is that where we keep getting separated by our interpretations of words?

    for what it’s worth, i think some of this conversation is hard to follow without reading some of Haraway’s original stuff on the cyborg – because she’s not talking about part-machines in the way that Watson on Jeopardy is a machine. to me, Neil, you’re a total cyborg. it doesn’t make you a machine. but you can’t BE the Neil i know without the machine, b/c well…without the machine we wouldn’t interact.

  4. mary g

    As I read the post, a sort of light bulb (dim) came on for me. My on-line persona and identity share similarities with the political construct I assumed when I was a municipal politician. Both in expectation (surprise at seeing me shopping for groceries like everyone else) and in assumption (all polititians are on the take, said the dentist drilling holes in my tooth – couldn’t even bite him), the people who knew me as a municipal politician did not see a person, but rather a construct. I hazard that this view was fed by hearing me on radio or quoted in the paper as well as by their own assumptions. It’s not identical, but some of the assumptions made about my on-line personality feel similar.
    Don’t know if this helps. And as for language, I know you are using words precisely (as I am not, I’m afraid). I can handle it.
    This stuff is fascinating.

    1. bon

      construct is a fabulous word for it, Mary.

      i think being online we get to perform more complex constructs, b/c (if we blog or tweet) people read our words rather than just project their own impressions on us, but we still end up trying to inhabit a complicated role that means different things to different people. even if we’re aiming to be out here for ourselves and not for any direct marketing reason; even if we mostly want to express ourselves. the reflections we get back of ourselves will shape performance – that’s just human nature.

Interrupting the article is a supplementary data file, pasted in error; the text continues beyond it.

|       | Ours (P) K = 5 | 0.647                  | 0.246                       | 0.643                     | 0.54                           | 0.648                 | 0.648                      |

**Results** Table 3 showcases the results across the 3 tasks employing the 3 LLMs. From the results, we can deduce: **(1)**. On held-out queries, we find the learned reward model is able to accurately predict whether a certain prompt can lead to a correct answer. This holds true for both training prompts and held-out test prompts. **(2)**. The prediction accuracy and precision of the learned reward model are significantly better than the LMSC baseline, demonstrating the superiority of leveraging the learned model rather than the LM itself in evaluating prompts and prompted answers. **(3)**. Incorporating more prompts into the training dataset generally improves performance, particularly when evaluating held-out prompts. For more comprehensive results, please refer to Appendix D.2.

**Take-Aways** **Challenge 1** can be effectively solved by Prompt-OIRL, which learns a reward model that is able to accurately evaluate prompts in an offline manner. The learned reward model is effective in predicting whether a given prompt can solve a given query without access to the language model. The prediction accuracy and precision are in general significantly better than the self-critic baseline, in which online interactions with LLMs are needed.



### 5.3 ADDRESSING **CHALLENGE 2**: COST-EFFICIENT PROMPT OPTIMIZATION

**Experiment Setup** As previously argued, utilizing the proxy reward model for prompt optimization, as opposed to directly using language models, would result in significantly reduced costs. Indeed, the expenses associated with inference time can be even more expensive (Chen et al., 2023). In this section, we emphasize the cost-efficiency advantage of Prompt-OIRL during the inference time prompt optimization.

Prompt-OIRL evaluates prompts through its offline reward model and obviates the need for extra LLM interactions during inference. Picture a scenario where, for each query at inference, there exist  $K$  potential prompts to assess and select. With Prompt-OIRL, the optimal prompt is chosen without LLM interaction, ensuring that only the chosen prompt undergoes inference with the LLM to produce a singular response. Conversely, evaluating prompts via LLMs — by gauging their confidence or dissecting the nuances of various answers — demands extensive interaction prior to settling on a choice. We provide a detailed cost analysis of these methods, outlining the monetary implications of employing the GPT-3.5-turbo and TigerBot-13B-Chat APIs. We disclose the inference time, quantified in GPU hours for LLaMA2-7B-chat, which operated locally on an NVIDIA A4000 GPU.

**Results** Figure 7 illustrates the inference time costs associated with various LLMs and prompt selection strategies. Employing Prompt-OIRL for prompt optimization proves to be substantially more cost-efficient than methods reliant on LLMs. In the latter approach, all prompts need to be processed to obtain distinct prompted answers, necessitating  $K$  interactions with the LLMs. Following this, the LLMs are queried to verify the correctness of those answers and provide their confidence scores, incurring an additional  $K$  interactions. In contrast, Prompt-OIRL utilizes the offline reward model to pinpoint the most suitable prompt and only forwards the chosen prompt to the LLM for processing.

5. Jane Gassner

    I learned two new terms today: “rhizomatic economy” and “produsage economy”.

    And this statement got me enough to want to copy it down.
    “But most students learn from their earliest years that schooling means a set of power relations that tend to preclude and sanction statements like that. They learn a different subject position, one with a very different sort of agency than they will encounter online, as cyborgs.”

    Jeeze, I can actually feel the almost rusted shut wheels of my brain starting to creak a bit.

  6. e

    I read Haraway way back when I started my MA – your reference took me back to my small little cubicle for a sec:) I was thinking/writing about technology as ideology, and this is still a lens I find very compelling – like any ideology it demands an adherence to specific beliefs (about functionality, usefulness, identity, presence, utility, …) that influence everything else we then see when we consider technology. I think cyborg isn’t apt – to me it implies that a technologically mediated channel leads to a lesser humanness, or changed humanness and I disagree. The interactions possible in the digital space challenge us to frame new descriptions of ourselves, and brand doesn’t cover it for me. Even within the practice of branding, there is alot of debate about how useful the word is because it’s being used to describe so much. The emerging label for alot of what I do is the retro “corporate identity” which I like since it pulls back the curtain about helping a company create shorthand iconography to build equity with people.
    I like mary g’s “construct.” Good old Sci-fi description:)

  7. JoVE

    Thanks for sharing your thinking as it develops. I like where you are going with this. I think there is something in here though it still needs some teasing out. But despite what I said on the last post, I think this next stage of your thinking is making me think differently about this whole thing.

    keep it up

  8. Susan @Whymommy